The hardest part to doing anything, is sitting down and starting. The thing that makes this so hard is not having a picture or idea in your head of what the first step is. If you’ve never done something before, you don’t know what any of the steps really look or feel like.
But no worries, after this quick tutorial you’ll not only know how to begin, but you’ll have something to show for your efforts. You’ll have a drum beat to use as a foundation for your first beat or as a song starting to generate melodic ideas.
You still with me?
In part 1 of this drum series, I talked about the importance of drums in a beat and the individual sounds that make up a drum kit or a drum beat that you’re likely to run into when constructing your beat.
This post will cover the process in which you can record basic drums in your DAW, either as something to play around with or the actual rhythm foundation of your beat.
It all starts with this:
Choose the Drums
When choosing drums, you want to find drums sounds that inspire you. Since you’re just starting out I recommend beginning with the preset drum kits.
Preset drums kits are normally drum sounds that have been grouped together by their flavor or style based on popular music or common groups of drums sounds for that genre. Most popular DAWs will come with preset drum kits. They are usually categorized by genre. For urban music, as a starting point, the categories you’ll want to choose from would be: Hip Hop, R&B, Abstract Hip Hop, and UK Underground. However, keep in mind these are just starting points to get you up and running quickly. I recommend taking some time at a later time to go through all the genres and categories to familiarize yourself with these kits.
Once you have decided on a drum kit, you’ll need to choose a tempo. A standard hip hop beat will have a tempo of 90 to 100 BPM, but again this is only a starting point. I recommend you bob your head or tap your finger to get a feel for what tempo you should choose. Feeling is everything when it comes to making beats.
Next try to match the tempo you feel with the metronome. You can usually activate the metronome by clicking an on off button on or near the transport bar. The rate at which the metronome clicks is controlled by the tempo you choose. If you choose a high value, like say 120 BPM, the metronome will click fast and if you choose a lower value, like 60 BPM, it will click slower.
In beatmaking there are many things that can help us make beats more quickly or speed up our workflow. One of my favorite modes to be in when brainstorming new ideas is “loop mode”.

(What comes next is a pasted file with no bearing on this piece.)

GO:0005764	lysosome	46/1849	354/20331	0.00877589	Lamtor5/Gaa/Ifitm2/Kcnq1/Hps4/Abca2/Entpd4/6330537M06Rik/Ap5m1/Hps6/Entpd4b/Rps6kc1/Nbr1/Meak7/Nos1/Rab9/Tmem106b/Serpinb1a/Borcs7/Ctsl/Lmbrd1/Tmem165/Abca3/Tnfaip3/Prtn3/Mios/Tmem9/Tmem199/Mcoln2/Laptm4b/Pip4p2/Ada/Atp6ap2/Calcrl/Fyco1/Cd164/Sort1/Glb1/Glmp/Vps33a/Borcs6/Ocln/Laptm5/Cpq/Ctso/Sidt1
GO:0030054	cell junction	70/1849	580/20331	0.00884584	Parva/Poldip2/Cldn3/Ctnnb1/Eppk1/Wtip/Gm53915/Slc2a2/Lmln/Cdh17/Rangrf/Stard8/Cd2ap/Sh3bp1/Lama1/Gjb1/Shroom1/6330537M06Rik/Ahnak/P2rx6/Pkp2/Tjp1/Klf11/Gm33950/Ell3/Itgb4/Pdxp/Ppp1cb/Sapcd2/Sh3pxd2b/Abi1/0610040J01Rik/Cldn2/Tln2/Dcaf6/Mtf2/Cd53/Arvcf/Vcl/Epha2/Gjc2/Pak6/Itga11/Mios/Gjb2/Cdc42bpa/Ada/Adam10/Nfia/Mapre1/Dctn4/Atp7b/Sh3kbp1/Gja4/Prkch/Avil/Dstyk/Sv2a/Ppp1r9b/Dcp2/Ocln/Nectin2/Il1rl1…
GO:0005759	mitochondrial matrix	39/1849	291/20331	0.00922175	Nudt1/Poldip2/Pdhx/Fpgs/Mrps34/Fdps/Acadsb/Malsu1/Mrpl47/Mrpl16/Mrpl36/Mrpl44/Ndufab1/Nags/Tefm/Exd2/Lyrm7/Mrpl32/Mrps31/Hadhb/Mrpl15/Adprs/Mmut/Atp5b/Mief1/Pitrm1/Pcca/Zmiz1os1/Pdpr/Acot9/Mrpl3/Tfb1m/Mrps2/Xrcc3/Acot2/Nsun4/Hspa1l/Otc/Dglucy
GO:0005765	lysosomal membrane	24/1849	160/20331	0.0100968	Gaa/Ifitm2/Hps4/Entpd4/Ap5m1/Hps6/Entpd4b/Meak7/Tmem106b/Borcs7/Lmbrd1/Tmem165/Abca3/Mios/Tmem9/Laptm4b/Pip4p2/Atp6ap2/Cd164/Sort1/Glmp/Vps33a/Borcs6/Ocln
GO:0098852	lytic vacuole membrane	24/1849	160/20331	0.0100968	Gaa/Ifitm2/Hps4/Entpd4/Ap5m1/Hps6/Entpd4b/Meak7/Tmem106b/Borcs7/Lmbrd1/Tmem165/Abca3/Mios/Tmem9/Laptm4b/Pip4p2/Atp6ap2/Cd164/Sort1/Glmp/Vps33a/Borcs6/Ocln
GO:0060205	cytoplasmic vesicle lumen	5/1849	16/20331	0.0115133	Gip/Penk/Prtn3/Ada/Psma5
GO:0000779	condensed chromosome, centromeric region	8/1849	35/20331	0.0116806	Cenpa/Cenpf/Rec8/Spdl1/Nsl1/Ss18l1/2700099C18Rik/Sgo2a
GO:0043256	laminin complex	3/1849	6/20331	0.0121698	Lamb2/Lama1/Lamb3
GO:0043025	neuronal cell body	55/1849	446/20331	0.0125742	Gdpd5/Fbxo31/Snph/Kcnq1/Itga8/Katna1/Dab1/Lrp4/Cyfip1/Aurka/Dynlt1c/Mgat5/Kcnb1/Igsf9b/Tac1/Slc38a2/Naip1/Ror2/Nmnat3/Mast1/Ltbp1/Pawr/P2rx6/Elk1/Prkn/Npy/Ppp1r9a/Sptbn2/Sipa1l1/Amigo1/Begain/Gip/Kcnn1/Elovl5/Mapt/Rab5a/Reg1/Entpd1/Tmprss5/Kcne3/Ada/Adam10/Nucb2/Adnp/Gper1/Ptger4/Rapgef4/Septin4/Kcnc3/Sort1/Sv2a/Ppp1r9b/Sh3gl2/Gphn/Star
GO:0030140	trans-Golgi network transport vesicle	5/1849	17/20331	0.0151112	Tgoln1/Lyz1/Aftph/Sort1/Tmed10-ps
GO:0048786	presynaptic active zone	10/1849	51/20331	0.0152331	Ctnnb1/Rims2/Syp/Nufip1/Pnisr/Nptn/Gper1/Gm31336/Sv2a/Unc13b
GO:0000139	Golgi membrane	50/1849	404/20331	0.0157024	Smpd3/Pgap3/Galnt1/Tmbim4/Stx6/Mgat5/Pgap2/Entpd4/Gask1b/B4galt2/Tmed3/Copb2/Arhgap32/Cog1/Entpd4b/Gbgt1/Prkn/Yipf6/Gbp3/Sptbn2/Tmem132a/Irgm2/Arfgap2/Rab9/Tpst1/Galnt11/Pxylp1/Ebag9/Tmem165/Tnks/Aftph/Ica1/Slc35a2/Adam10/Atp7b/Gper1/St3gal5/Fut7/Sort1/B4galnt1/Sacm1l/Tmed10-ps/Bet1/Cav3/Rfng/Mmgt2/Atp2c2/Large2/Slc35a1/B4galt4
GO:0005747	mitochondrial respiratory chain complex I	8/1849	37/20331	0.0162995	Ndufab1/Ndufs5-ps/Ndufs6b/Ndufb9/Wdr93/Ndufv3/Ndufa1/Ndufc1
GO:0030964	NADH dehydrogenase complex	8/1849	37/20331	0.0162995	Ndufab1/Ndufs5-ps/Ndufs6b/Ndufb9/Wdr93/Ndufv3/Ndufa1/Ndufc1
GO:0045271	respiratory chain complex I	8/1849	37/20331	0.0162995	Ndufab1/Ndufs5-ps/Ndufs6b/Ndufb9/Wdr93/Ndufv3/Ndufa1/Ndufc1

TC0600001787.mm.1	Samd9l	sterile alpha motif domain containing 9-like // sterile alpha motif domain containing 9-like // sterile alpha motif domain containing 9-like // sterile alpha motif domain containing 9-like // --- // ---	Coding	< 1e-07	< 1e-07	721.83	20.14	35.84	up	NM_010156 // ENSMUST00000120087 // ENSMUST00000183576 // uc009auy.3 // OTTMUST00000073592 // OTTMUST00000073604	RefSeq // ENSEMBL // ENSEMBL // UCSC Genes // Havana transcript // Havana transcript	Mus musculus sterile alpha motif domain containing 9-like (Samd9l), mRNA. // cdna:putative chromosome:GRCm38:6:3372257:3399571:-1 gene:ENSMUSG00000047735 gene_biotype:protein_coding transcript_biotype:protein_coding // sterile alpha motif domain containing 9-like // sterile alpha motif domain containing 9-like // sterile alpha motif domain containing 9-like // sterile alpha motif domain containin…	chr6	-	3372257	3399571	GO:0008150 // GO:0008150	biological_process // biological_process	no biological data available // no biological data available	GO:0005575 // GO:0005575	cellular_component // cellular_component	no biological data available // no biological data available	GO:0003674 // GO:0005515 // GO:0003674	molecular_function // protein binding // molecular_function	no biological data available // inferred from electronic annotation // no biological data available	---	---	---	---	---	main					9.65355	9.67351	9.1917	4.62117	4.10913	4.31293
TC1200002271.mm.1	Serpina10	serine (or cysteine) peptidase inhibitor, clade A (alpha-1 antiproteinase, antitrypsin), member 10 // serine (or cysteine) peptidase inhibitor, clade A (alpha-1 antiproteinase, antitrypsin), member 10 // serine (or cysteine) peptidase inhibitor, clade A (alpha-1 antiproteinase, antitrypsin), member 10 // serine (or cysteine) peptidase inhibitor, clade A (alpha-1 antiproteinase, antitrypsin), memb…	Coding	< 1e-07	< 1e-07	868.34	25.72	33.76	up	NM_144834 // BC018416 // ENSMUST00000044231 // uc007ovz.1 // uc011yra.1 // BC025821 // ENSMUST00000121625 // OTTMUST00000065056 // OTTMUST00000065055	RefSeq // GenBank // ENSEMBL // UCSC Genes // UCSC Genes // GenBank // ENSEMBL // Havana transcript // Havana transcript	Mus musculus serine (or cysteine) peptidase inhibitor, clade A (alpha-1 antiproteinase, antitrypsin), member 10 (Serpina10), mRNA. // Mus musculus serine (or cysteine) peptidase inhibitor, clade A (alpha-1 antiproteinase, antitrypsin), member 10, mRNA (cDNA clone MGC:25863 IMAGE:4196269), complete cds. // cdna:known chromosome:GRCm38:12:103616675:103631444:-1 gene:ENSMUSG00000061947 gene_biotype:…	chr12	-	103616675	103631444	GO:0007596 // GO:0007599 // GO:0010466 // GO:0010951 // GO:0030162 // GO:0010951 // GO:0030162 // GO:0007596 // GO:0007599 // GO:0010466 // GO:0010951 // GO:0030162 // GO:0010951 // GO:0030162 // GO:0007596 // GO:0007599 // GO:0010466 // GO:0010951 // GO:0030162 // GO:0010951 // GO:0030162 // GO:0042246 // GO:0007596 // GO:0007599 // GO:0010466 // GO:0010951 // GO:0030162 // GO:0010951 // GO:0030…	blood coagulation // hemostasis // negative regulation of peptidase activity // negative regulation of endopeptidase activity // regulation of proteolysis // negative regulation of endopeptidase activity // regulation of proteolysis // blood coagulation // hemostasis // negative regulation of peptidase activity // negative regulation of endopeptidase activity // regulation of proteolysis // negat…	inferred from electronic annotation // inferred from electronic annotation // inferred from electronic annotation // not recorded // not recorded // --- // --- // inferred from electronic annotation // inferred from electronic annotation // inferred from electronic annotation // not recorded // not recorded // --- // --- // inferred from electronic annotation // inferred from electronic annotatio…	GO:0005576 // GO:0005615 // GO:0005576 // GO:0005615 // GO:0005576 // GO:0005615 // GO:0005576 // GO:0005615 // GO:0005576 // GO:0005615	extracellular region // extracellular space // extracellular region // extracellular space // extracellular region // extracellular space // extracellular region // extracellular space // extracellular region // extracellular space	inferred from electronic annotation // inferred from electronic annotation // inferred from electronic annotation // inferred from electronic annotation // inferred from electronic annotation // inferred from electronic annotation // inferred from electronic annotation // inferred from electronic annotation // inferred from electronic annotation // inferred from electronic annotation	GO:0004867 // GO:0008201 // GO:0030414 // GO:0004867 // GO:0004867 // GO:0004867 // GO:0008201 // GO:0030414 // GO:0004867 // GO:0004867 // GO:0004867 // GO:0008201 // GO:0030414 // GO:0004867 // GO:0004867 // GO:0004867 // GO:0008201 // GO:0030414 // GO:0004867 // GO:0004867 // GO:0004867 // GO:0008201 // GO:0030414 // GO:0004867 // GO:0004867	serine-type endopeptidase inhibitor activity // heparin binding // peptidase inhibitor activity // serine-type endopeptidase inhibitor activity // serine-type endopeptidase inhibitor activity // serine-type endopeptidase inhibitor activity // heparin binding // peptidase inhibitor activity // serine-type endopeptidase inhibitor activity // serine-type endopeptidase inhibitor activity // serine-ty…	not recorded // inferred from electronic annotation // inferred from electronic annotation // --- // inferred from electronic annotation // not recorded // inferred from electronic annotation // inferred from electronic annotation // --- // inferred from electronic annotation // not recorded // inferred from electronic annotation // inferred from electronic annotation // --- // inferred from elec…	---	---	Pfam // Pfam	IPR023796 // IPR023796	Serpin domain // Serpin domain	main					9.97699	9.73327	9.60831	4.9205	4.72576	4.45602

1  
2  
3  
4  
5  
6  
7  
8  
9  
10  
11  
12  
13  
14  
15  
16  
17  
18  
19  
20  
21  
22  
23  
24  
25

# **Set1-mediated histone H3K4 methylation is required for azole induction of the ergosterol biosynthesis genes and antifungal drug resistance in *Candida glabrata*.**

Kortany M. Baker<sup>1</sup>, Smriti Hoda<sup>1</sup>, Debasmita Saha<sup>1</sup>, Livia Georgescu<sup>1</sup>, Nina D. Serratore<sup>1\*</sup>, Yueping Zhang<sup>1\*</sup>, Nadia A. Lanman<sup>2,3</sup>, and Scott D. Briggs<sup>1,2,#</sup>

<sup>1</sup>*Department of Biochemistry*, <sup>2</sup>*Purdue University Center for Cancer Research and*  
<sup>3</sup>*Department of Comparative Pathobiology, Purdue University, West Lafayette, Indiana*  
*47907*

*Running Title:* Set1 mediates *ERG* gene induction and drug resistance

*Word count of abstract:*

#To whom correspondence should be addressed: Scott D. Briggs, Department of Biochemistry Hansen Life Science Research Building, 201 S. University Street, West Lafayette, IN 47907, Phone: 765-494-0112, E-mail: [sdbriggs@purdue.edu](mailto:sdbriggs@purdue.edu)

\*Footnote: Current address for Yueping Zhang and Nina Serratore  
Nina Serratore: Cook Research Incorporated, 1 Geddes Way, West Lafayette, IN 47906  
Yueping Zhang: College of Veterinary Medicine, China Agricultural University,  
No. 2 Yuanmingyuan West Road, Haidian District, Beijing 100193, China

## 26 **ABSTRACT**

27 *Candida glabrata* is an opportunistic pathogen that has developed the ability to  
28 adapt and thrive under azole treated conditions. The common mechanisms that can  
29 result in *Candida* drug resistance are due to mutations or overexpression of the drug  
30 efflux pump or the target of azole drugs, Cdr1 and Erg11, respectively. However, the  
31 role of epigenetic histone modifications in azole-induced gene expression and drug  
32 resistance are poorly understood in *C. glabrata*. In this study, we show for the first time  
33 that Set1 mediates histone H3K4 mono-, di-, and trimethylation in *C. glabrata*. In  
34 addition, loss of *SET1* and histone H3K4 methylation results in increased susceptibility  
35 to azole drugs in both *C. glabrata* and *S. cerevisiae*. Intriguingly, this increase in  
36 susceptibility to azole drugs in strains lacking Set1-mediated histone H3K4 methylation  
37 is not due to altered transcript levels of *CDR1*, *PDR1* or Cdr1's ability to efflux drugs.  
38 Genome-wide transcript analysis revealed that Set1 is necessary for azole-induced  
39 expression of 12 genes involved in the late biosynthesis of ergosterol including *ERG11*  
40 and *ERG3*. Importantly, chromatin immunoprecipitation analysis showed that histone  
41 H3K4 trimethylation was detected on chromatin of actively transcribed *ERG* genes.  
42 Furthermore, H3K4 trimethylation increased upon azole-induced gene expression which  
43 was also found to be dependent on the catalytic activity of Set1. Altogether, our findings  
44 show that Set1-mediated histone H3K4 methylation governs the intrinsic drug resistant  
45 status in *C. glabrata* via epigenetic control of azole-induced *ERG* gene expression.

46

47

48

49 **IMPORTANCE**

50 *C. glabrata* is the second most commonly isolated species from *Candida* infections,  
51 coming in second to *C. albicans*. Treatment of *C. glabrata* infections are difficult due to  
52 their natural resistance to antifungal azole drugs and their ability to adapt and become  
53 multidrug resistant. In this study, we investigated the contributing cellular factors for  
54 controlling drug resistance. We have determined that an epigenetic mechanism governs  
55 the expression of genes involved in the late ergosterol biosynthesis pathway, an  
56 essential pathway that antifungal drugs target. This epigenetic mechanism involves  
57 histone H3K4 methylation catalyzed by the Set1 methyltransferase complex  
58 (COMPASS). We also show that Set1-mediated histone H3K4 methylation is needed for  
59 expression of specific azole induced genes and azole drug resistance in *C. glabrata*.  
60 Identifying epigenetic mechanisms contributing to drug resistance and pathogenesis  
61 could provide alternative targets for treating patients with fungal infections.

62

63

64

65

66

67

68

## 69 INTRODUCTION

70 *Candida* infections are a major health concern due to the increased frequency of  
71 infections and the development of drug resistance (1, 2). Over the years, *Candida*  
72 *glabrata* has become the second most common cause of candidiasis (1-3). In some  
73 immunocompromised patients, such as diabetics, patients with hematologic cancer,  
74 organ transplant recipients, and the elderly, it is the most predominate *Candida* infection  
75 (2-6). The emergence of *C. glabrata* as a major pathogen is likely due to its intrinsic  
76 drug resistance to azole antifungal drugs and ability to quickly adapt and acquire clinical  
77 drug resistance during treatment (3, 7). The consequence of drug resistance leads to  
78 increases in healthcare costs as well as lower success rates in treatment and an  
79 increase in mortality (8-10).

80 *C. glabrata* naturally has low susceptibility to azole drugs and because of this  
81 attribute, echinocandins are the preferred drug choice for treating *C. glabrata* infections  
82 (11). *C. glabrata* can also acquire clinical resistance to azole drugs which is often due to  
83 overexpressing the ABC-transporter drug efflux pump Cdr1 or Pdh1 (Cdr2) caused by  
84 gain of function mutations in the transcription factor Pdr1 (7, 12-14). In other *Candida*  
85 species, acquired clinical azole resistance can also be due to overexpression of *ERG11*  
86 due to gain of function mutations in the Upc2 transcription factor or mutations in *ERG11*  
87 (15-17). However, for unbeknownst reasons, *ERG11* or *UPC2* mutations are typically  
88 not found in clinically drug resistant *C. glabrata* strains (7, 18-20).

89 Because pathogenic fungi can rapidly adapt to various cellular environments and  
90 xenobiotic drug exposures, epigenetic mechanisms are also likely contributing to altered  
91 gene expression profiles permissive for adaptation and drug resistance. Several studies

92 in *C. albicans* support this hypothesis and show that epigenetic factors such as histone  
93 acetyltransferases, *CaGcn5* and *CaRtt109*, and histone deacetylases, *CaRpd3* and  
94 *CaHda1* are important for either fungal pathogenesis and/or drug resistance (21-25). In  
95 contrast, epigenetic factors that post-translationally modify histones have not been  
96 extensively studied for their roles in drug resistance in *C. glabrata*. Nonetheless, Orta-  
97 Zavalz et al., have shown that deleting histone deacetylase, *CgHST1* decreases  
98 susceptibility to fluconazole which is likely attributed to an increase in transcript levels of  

Loop Mode (loop) allows you to set the left and right locators (left and right arrows) in the sequencer to a specific number of bars that will loop, or in other words, once the play head reaches the right locator it will return to the left locator looping over and over until the loop mode or loop button is deactivated. I usually set the loop (left and right arrows) to 8 bars; the left arrow on bar 1 and the right arrow on bar 9. For simpler beats you can set the loop to 4 bars also, which is the left arrow on bar 1 and the right arrow on bar 5.
Loop mode is also good for focusing your ears on a certain section of a beat so you can zero in on melodic, timing and technical problems.
Enable the Metronome (click)
In addition to keeping time, the metronome can also help the timing of when you begin playing your notes or sounds. This is called the pre-count or the count in. This usually comes in flavors of 1 or 2 bars. This means that if your choose 1, you’ll need to wait 1 bar or a 4 count before you can begin recording. If you choose 2, you’ll need to wait two bars or a 8 count before you can record. I usually set this to 1 or a 4 count.
In some DAWs there is even an option called “wait” which means recording will begin on the first note or sound played.
Once you select your tempo, position yourself in front of your drum pads or midi keyboard and start playing the drum kit sounds to the tempo. This will help you familiarize yourself with the sounds and help you decide if the kit you have chosen feels right before you start tracking (recording). If you are feeling uninspired by the kit you have chosen, select a new kit until you find something that feels right. Remember during the process of making your beat, it should not only sound good it should feel right. While you’re experimenting try to find a drum pattern that you like. It can be a drum pattern from your favorite song or a super simple beat, it does not matter right now.